Agrivoltaics, the integration of food production and solar energy on the same land, is an emerging technology that makes better use of limited land and soil resources. Because the industry is young, there’s not yet a snappy web-based application like Aurora or Helioscope to help a solar developer quickly lay out a design, taking into account the crops underneath.
Sandbox Solar, a solar contractor, has been developing such a tool, called Spade. Spade aims to help solar developers determine the best crop types and solar panel layouts for their projects. The tool made it into the fifth and final round of the Department of Energy’s “American Made” solar innovation program.
Spade’s early Beta Version is available now, and it has already been used in developing solar power projects paired with potatoes, hemp, hops and some other high attention crops.
The software generates several key numerical outputs: irradiance, as well as photosynthetically active radiation (PAR) and average photosynthetic photon flux density (PPFD), two types of light measurements that are less familiar to the solar trade.
PAR refers to the range of wavelengths that are useful for photosynthesis, while PPFD measures the density of photons within that range that reaches a specific surface area. Not all wavelengths of light are equally effective for photosynthesis; plants generally utilize blue (400 nm to 500 nm) and red (600 nm to 700 nm) light more efficiently than green (500 nm to 600 nm) light. PAR and PPFD are both crucial for understanding and optimizing light conditions for plant growth and photosynthesis.
The information is displayed both visually via charts, and numerically, as watts per square meter and PAR/PPFD values. Again, PAR is the quantity of useful light that will reach the plants growing among the solar panels. Most agrivoltaic-compatible crops actually benefit from the reduced irradiance offered by the shade of solar panels.
Spade’s team told us that the fundamental approach to optimizing agrivoltaic projects involves addressing the three C’s: configuration, climate and crops. By carefully considering these factors, a developer can refine their strategies by spacing out and elevating solar panels to maximize land use, ensuring the best possible balance between energy generation and agriculture.
The graphic below captures Spade designer Tom Hickey’s changing inputs on solar designs, which then outputs various potential outcomes of solar designs that meet project requirements.
Hickey has been with Sandbox for over five years, and is currently working part-time with the National Renewable Energy Laboratory. He uses Spade directly in design work for customers and Sandbox’s agrivoltaic projects.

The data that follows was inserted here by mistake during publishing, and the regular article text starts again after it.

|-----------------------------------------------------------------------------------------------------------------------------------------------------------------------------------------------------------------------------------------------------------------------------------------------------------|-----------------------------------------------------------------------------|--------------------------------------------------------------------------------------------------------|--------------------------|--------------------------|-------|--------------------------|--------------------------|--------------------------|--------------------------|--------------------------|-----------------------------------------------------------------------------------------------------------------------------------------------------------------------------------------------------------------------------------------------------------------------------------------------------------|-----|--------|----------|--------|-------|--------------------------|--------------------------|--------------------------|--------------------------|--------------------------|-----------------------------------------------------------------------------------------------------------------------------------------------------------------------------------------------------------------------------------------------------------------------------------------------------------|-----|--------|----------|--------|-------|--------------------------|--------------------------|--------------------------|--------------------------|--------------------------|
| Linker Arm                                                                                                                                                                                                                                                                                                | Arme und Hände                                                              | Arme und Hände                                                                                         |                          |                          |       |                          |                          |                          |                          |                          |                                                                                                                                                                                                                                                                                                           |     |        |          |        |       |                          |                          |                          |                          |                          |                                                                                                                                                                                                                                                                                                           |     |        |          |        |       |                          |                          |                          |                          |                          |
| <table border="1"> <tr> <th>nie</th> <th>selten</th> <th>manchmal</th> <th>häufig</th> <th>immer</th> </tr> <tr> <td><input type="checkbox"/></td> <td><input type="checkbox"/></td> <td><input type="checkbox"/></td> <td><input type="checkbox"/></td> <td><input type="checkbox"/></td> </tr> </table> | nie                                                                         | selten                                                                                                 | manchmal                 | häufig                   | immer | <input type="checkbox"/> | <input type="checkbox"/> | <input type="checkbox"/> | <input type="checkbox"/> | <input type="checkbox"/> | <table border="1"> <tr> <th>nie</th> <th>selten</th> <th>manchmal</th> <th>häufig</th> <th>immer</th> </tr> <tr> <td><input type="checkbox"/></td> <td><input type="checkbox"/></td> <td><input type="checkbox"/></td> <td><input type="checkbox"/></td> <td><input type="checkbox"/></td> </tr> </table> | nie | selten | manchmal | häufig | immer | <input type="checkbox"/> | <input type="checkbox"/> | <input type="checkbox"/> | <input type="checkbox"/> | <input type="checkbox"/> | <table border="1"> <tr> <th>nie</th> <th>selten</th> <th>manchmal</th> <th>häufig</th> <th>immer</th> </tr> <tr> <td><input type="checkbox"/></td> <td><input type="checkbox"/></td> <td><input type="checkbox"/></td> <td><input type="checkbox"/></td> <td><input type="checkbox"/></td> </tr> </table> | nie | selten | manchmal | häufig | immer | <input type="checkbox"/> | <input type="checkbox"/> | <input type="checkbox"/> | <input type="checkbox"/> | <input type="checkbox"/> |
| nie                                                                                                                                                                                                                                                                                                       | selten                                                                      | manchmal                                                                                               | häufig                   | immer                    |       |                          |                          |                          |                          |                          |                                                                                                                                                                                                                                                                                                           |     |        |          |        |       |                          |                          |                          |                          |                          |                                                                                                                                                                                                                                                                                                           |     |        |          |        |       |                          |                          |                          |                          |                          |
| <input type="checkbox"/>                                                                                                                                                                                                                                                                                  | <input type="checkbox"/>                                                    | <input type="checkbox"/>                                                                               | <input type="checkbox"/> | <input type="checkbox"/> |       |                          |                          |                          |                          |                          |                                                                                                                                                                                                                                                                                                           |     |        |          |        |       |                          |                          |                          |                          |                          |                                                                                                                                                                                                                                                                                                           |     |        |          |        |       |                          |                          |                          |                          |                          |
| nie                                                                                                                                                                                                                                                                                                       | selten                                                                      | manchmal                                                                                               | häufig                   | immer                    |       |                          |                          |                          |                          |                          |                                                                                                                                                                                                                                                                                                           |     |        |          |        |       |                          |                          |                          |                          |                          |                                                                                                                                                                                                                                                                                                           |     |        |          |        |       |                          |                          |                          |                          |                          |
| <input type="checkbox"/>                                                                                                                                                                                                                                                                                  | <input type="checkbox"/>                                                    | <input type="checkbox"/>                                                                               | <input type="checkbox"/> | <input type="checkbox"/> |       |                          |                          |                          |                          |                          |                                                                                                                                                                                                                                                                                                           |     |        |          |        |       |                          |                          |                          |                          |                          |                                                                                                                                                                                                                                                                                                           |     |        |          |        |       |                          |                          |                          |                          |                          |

“Spade has revolutionized what I have been able to do in-house,” said Hickey.
In a conversation with pv magazine USA, Alexis Pascaris, a lead in the development of the Spade software and CEO of AgriSolar Consulting, pointed out the Massachusetts agrivoltaic program and the unique incentives found in the state’s SMART solar program. With Hickey and Pascaris running the processes, Spade has collaborated with developers as a subcontracted professional who liaises with the Department of Agriculture to move projects through the SMART application process. Pascaris suggested that Spade’s shade analysis tools are more accurate than the tools Massachusetts currently mandates.
Ian Skor, founder of Sandbox Solar, believes that the current iteration of the tool is sufficiently robust to meet the immediate needs of both the company and its consulting clients. However, he acknowledges that there is room for growth in developing the software’s frontend to facilitate improved online interactions and refine its overall functionality.
Pascaris said the company is developing a budget for bringing Spade to the next level, so they can begin a request for investment proposals sometime in 2023.
At this moment, the team doesn’t have any fully installed projects that were developed with Spade; however, several Spade-designed projects are scheduled to begin construction soon, including an in-house vertical bifacial project.
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